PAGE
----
The Blessing of Abraham.—The Gospel was summed up to Abraham in these words: “In thee shall all nations be blessed.” It should be stated here that the two words “heathen” (“Gentiles,” in R.V.) and “nations,” in verse 8, come from the same word in the Greek. In both the Hebrew and the Greek “the heathen” and “the nations” are the same. Now the blessing of Abraham was the blessing of sins forgiven, and of righteousness by faith. See Romans 4:6-11. And this faith was personal faith in Christ crucified and risen, as we learn from Acts 3:25, 26. “Ye are the children of the prophets, and of the covenant which God made with our fathers, saying unto Abraham, And in thy seed shall all the kindreds of the earth be blessed. Unto you first God, having raised up His Son Jesus, sent Him to bless you, in turning away every one of you from his iniquities.” “All nations” are included in this blessing; hence we are again brought to the fact that there is no gospel for any people under heaven except the Gospel that was preached to Abraham. See Acts 4:12. The blessing comes to all, but is not accepted by all.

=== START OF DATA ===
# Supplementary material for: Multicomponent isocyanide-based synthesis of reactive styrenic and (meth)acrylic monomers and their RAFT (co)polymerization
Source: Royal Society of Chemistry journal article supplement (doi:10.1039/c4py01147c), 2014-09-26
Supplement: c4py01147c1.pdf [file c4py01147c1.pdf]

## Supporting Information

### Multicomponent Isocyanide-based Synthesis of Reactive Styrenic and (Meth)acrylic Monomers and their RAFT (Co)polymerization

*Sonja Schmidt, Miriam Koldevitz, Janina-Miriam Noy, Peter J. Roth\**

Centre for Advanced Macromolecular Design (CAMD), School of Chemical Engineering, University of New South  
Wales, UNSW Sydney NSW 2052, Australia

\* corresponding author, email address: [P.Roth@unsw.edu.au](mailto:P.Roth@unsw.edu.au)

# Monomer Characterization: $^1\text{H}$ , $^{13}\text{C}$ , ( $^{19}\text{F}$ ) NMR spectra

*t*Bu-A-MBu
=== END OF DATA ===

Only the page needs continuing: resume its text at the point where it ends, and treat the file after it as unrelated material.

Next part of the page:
“They Which Be of Faith.”—These are “blessed with faithful Abraham.” That blessing is that their sins are forgiven, and the Lord “will not impute sin” to them. “Sin is the transgression of the law.” 1 John 3:4. So, then, the Lord will not impute transgression of the law to those who are of faith. But the Lord will deal justly, and will tell the truth; therefore, when the Lord does not impute sin to anybody, that shows that he has no sin, or, in other words, he is not a transgressor of the law, and if not a transgressor of the law, then he is a keeper of the law. Here, again, we come back to the point that justification by faith means nothing else than being made righteous, or doers of the law, by faith. The blessing is “in turning away every one of you from his iniquities.”